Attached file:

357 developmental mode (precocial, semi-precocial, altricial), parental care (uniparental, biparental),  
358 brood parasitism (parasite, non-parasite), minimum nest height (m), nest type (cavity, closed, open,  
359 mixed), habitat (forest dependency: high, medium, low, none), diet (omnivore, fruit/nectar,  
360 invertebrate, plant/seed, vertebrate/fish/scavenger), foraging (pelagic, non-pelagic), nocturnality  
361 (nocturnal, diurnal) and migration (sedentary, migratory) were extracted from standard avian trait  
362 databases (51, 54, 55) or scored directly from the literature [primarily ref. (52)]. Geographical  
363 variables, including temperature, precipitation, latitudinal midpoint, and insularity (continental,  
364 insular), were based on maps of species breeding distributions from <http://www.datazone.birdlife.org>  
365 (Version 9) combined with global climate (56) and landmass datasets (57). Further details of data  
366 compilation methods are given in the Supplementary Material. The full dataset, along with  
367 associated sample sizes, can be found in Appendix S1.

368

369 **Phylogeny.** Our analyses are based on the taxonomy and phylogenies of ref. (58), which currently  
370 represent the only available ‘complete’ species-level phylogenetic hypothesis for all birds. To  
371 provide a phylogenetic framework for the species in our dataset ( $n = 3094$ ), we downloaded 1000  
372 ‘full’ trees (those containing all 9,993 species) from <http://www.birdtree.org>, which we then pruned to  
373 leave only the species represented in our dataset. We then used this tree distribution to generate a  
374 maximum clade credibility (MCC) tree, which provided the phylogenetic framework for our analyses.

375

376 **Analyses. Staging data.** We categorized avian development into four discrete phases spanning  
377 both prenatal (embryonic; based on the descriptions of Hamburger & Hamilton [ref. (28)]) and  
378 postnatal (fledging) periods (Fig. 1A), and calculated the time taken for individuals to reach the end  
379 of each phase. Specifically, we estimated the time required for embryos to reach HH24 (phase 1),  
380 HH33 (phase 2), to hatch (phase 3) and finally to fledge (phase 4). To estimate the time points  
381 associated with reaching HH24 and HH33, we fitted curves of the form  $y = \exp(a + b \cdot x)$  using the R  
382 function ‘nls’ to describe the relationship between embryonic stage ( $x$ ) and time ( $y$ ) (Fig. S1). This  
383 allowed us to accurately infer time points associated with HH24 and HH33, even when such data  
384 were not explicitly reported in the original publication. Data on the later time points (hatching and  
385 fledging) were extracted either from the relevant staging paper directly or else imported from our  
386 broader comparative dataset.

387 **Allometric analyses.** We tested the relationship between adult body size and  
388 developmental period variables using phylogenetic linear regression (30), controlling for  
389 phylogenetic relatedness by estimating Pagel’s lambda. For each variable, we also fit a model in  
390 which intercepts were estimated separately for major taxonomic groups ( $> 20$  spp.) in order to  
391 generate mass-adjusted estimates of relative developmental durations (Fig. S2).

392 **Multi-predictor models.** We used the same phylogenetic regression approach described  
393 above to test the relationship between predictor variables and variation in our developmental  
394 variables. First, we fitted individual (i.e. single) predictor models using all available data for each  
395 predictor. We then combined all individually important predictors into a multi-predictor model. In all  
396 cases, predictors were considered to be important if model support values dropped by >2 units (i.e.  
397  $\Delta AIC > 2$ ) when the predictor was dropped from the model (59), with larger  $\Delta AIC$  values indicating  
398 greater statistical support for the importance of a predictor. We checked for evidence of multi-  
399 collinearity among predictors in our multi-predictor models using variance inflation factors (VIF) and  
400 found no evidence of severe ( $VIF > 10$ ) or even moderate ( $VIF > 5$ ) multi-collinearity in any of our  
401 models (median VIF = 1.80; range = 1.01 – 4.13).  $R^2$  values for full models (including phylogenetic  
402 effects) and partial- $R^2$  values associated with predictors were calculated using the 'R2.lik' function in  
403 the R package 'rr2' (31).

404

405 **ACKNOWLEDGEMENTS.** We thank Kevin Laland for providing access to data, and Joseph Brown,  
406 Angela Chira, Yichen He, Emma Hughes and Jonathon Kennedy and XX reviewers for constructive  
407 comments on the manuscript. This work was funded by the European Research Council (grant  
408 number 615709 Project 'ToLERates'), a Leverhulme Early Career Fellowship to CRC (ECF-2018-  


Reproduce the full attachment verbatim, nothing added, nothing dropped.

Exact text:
357 developmental mode (precocial, semi-precocial, altricial), parental care (uniparental, biparental),  
358 brood parasitism (parasite, non-parasite), minimum nest height (m), nest type (cavity, closed, open,  
359 mixed), habitat (forest dependency: high, medium, low, none), diet (omnivore, fruit/nectar,  
360 invertebrate, plant/seed, vertebrate/fish/scavenger), foraging (pelagic, non-pelagic), nocturnality  
361 (nocturnal, diurnal) and migration (sedentary, migratory) were extracted from standard avian trait  
362 databases (51, 54, 55) or scored directly from the literature [primarily ref. (52)]. Geographical  
363 variables, including temperature, precipitation, latitudinal midpoint, and insularity (continental,  
364 insular), were based on maps of species breeding distributions from <http://www.datazone.birdlife.org>  
365 (Version 9) combined with global climate (56) and landmass datasets (57). Further details of data  
366 compilation methods are given in the Supplementary Material. The full dataset, along with  
367 associated sample sizes, can be found in Appendix S1.

368

369 **Phylogeny.** Our analyses are based on the taxonomy and phylogenies of ref. (58), which currently  
370 represent the only available ‘complete’ species-level phylogenetic hypothesis for all birds. To  
371 provide a phylogenetic framework for the species in our dataset ( $n = 3094$ ), we downloaded 1000  
372 ‘full’ trees (those containing all 9,993 species) from <http://www.birdtree.org>, which we then pruned to  
373 leave only the species represented in our dataset. We then used this tree distribution to generate a  
374 maximum clade credibility (MCC) tree, which provided the phylogenetic framework for our analyses.

375

376 **Analyses. Staging data.** We categorized avian development into four discrete phases spanning  
377 both prenatal (embryonic; based on the descriptions of Hamburger & Hamilton [ref. (28)]) and  
378 postnatal (fledging) periods (Fig. 1A), and calculated the time taken for individuals to reach the end  
379 of each phase. Specifically, we estimated the time required for embryos to reach HH24 (phase 1),  
380 HH33 (phase 2), to hatch (phase 3) and finally to fledge (phase 4). To estimate the time points  
381 associated with reaching HH24 and HH33, we fitted curves of the form  $y = \exp(a + b \cdot x)$  using the R  
382 function ‘nls’ to describe the relationship between embryonic stage ( $x$ ) and time ( $y$ ) (Fig. S1). This  
383 allowed us to accurately infer time points associated with HH24 and HH33, even when such data  
384 were not explicitly reported in the original publication. Data on the later time points (hatching and  
385 fledging) were extracted either from the relevant staging paper directly or else imported from our  
386 broader comparative dataset.

387 **Allometric analyses.** We tested the relationship between adult body size and  
388 developmental period variables using phylogenetic linear regression (30), controlling for  
389 phylogenetic relatedness by estimating Pagel’s lambda. For each variable, we also fit a model in  
390 which intercepts were estimated separately for major taxonomic groups ( $> 20$  spp.) in order to  
391 generate mass-adjusted estimates of relative developmental durations (Fig. S2).

392 **Multi-predictor models.** We used the same phylogenetic regression approach described  
393 above to test the relationship between predictor variables and variation in our developmental  
394 variables. First, we fitted individual (i.e. single) predictor models using all available data for each  
395 predictor. We then combined all individually important predictors into a multi-predictor model. In all  
396 cases, predictors were considered to be important if model support values dropped by >2 units (i.e.  
397  $\Delta AIC > 2$ ) when the predictor was dropped from the model (59), with larger  $\Delta AIC$  values indicating  
398 greater statistical support for the importance of a predictor. We checked for evidence of multi-  
399 collinearity among predictors in our multi-predictor models using variance inflation factors (VIF) and  
400 found no evidence of severe ( $VIF > 10$ ) or even moderate ( $VIF > 5$ ) multi-collinearity in any of our  
401 models (median VIF = 1.80; range = 1.01 – 4.13).  $R^2$  values for full models (including phylogenetic  
402 effects) and partial- $R^2$  values associated with predictors were calculated using the 'R2.lik' function in  
403 the R package 'rr2' (31).

404

405 **ACKNOWLEDGEMENTS.** We thank Kevin Laland for providing access to data, and Joseph Brown,  
406 Angela Chira, Yichen He, Emma Hughes and Jonathon Kennedy and XX reviewers for constructive  
407 comments on the manuscript. This work was funded by the European Research Council (grant  
408 number 615709 Project 'ToLERates'), a Leverhulme Early Career Fellowship to CRC (ECF-2018-  